Nick Burbridge – I’m, primarily, a writer. I work in different forms. As well as poetry, songs, short stories and plays, I’ve had a political thriller about The Troubles in Northern Ireland published under a pseudonym, and I was co-writer on the revelations of a military intelligence officer working there in the 70s; I also write somewhat eccentric articles and reviews for R2. This explains why I’ve dipped in and out of the music industry so much. McDermott’s Two Hours were born in Brighton U.K. out of the first folk-punk movement. I’d been playing guitar, mandolin, bodhran etc in Irish sessions, busking around Europe, and singing in folk clubs for many years; I hadn’t intended being the lead figure, but the bloke who wanted the job couldn’t sing in tune and had no sense of rhythm, so I was ‘volunteered’! The band were one of the Levellers’ main inspirations. The different collaborations have come about according to what, or who could be conveniently involved. For a long time I’ve written all the material – in that sense there’s no fundamental difference for me when it’s being conceived. But the albums can get heavy duty treatment, as on Goodbye To The Madhouse, or emerge as pure acoustic records, like the latest one, Gathered. It’s all down to what seems right. I’m glad I’ve managed to keep a foot in both camps as a result.
Shite’n’Onions – How did the collaboration with Tim (The Electrics) Cotterell on GATHERED come about? How has the album been received? What’s the story behind the cover art……its different to say the least. Any plans to tour to support the release?
Nick Burbridge – The current collaboration is a perfect example of how it goes. Al Scott (producer of albums from Levelling The Land to Ragged Kingdom) is still committed to bringing out a new full-on McDermotts’ record soon, involving members of The Levellers and the Oysterband, among others, but for different reasons it’s taking a long time to materialise. Meanwhile, I thought I’d write the stripped back acoustic album that’s been in me for some time, and so I turned to Tim, who’s played with the band on various instruments, a very good sound engineer and producer as well. The CD artwork? To keep it ‘in house’ I asked my son Ben (who once as a child sang a fragment of ‘Harry Brewer’ on The Enemy Within, but is now an Art History university lecturer) to bring in one of his favourite photographers. The front cover is a direct allusion to my song, ‘Fox On The Run’. It’s dark, as you say, but an apt image for someone who’s spent a lifetime battling with clinical depression, which as I get older, seems to be gaining the upper hand, and whose brutal demands probably account for my relative obscurity. When the band were playing big festivals, I had a publishing deal with Joe Boyd, and the Mean Fiddler organisation had taken us under their wing, by rights we should have hit the international folk-punk scene in a big way. Instead we’ve skirted the edges for decades. This leads directly to your other question: are we going to tour this album? No! Don’t get me wrong. I love playing live, and still do local sessions. It’s just getting out there and dealing with the industry that stand in my way! As it happens, I don’t think that’s so inappropriate when we’re talking about ethnic music, especially the Irish tradition, where the people who’ve kept it alive for centuries would hardly have been found on brightly lit stages with huge sound systems. And of course there’s always been a deep melancholic, even self-destructive strain running through the culture.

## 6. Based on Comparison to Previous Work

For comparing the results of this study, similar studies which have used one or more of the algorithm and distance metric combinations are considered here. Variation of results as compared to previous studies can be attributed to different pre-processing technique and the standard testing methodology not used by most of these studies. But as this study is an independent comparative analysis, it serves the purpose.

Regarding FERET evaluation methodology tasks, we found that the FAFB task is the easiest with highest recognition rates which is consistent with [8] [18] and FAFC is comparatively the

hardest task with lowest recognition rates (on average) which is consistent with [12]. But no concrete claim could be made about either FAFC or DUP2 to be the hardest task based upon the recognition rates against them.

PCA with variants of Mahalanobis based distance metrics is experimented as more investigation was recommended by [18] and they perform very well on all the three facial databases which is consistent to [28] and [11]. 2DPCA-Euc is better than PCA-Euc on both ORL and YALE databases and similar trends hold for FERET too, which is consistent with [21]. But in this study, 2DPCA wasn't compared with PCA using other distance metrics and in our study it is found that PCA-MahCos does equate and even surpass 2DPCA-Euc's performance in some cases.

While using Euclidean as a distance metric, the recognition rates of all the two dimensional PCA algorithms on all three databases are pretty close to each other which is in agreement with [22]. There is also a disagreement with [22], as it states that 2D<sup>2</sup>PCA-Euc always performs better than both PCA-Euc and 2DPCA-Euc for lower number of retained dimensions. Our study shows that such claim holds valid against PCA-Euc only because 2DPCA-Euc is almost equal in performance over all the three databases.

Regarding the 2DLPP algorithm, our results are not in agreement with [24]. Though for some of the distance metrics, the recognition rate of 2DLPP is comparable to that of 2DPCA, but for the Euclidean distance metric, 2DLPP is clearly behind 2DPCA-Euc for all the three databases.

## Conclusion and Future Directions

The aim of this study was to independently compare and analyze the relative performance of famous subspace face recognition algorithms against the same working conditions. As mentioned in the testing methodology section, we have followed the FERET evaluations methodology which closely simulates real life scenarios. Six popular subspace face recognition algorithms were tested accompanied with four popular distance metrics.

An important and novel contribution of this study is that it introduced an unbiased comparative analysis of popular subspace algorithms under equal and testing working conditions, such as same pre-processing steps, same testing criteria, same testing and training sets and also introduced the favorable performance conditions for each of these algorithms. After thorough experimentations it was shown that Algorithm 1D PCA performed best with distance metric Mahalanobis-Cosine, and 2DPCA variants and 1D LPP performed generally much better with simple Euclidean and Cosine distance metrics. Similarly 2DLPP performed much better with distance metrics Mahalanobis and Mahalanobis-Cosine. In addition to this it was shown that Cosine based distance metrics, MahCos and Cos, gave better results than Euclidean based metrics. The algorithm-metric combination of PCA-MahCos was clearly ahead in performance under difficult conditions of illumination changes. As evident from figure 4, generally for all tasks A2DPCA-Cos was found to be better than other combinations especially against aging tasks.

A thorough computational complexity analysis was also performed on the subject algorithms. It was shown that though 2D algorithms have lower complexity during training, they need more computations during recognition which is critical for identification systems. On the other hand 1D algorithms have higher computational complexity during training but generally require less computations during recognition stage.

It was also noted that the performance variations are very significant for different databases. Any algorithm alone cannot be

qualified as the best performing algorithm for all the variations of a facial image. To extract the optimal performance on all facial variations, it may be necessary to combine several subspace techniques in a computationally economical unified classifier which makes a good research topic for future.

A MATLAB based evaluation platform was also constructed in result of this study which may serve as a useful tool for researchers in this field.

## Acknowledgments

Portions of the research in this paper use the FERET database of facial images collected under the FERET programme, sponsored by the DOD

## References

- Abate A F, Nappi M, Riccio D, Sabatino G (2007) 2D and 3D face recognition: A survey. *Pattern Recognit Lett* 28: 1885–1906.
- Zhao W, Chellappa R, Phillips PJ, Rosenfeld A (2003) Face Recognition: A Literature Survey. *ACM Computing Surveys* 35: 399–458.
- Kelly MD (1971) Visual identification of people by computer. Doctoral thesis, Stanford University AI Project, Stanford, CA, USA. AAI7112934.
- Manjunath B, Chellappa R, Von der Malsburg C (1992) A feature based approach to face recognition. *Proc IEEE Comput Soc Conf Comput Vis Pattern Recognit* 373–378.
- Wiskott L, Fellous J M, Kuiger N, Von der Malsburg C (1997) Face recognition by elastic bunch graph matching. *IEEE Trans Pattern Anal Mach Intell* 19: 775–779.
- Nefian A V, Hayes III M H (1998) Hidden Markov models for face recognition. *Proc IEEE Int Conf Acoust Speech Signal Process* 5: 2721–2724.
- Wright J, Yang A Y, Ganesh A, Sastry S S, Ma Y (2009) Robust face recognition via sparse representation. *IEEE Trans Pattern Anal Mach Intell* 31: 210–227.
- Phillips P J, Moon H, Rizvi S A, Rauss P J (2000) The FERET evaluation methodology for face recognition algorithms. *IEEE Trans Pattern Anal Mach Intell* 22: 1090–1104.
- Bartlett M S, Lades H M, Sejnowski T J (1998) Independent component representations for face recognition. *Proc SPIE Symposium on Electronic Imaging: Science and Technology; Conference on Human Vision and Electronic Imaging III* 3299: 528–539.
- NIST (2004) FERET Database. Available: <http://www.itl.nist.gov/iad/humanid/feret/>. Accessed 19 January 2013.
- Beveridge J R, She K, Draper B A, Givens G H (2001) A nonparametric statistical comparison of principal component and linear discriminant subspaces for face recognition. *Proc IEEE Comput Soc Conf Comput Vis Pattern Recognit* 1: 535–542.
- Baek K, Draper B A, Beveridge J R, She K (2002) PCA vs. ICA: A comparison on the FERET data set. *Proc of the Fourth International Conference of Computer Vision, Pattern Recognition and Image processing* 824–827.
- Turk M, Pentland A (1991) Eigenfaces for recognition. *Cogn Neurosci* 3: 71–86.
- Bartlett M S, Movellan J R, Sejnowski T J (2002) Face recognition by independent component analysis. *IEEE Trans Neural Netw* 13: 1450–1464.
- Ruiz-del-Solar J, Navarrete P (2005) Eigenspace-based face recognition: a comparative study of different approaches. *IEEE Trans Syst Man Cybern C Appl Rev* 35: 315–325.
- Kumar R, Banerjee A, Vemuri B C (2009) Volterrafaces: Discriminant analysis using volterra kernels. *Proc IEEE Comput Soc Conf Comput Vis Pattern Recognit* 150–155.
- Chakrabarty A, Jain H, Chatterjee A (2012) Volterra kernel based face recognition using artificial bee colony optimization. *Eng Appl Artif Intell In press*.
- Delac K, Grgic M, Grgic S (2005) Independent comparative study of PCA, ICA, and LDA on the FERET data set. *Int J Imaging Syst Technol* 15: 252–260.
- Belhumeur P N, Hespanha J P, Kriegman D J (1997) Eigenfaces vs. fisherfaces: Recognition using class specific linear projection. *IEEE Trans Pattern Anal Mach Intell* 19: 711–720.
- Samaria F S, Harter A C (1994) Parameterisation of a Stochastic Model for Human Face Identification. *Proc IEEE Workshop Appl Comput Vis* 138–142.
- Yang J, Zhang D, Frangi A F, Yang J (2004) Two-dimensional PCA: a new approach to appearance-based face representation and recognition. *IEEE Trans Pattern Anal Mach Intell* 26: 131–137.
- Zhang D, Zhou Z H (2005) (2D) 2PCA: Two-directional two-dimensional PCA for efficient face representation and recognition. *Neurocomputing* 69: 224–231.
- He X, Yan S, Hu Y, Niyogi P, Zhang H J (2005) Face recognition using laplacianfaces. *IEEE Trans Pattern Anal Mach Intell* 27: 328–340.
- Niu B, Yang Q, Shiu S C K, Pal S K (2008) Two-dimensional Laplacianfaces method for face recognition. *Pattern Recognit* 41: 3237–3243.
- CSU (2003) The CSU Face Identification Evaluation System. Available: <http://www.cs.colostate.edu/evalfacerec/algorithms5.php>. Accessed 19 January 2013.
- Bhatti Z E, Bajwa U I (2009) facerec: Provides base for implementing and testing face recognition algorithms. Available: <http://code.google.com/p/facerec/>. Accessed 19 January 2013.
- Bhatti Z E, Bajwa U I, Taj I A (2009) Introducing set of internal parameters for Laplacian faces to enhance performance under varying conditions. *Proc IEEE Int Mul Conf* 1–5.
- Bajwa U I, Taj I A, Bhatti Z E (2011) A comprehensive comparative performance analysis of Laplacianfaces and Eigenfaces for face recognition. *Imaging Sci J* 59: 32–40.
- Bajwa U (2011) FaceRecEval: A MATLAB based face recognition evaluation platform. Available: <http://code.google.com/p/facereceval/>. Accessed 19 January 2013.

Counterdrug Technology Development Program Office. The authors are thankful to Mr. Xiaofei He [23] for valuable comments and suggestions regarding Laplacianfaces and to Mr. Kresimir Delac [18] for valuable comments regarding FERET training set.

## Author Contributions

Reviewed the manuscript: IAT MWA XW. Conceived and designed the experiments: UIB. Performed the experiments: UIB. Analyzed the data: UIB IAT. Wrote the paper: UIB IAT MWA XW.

Shite’n’Onions – When I listen to your songs they are often focused on those who drew the short stick in life and often those who’s short stick seems to be getting shorter and in many cases like Shane MacGowan you write about the Irish in the Britain but your songs are like short stories – what influences you to write the lyrics you do and are the folks you sing about people you have know (like Johnny and the Jubilee) ….they seem so realistic?
Nick Burbridge – Most of the songs are based on real characters. And, yes, short sticks abound! Three of my grandparents were Irish, and moved over to England, so that explains many of my preoccupations. I do tend to think narratively – in short stories themselves – poems, or songs. ‘Johnny and the Jubilee’ is a good example: it concerns a mingling of characters I’ve known, with a dose of artistic licence. My favourite literary genre is what they call American Dirty Realism – Raymond Carver, Joyce Carol Oates, Jayne Anne Phillips etc – so that’s a factor, too.
Shite’n’Onions – Have you ever had the inclination to write a happy song about someone who wins the lottery or say an Irish property developer who skips out on the banks and his debts and continues to live the good life in Mayfair or Chelsea?
Nick Burbridge – Unless it was a complete piss-take, I wouldn’t have any interest at all in either of those characters, would you? Happy songs, though, can be found on the albums, if you look hard! But, as you say, my purpose is to speak up for those in adversity, one way or another, though their stories may be set, ironically or otherwise, to upbeat traditional-type jigs, reels and hornpipes.
Shite’n’Onions – Finally, who was McDermott and what was he doing for his 2 hours?
Nick Burbridge – Tommy McDermott had his two hours of fame in the riots in Derry in 1968, as recorded in the book, War and an Irish Town, by Eamonn McCann. Left alone at the controls of Radio Free Derry for a couple of hours before he was hauled off, instead of playing the Falls Road hit parade, he put on the Incredible String Band etc and told people to “love one another an’ keep cool”. When we were looking for one of those macho folk-punk names beloved of most outfits, I came up with McDermott’s Two Hours. I think it betokens the different angle we were coming from, alludes to the politics we’ve always been concerned with, but at the same associates with someone who, in conventional terms, got it wrong. My kind of bloke…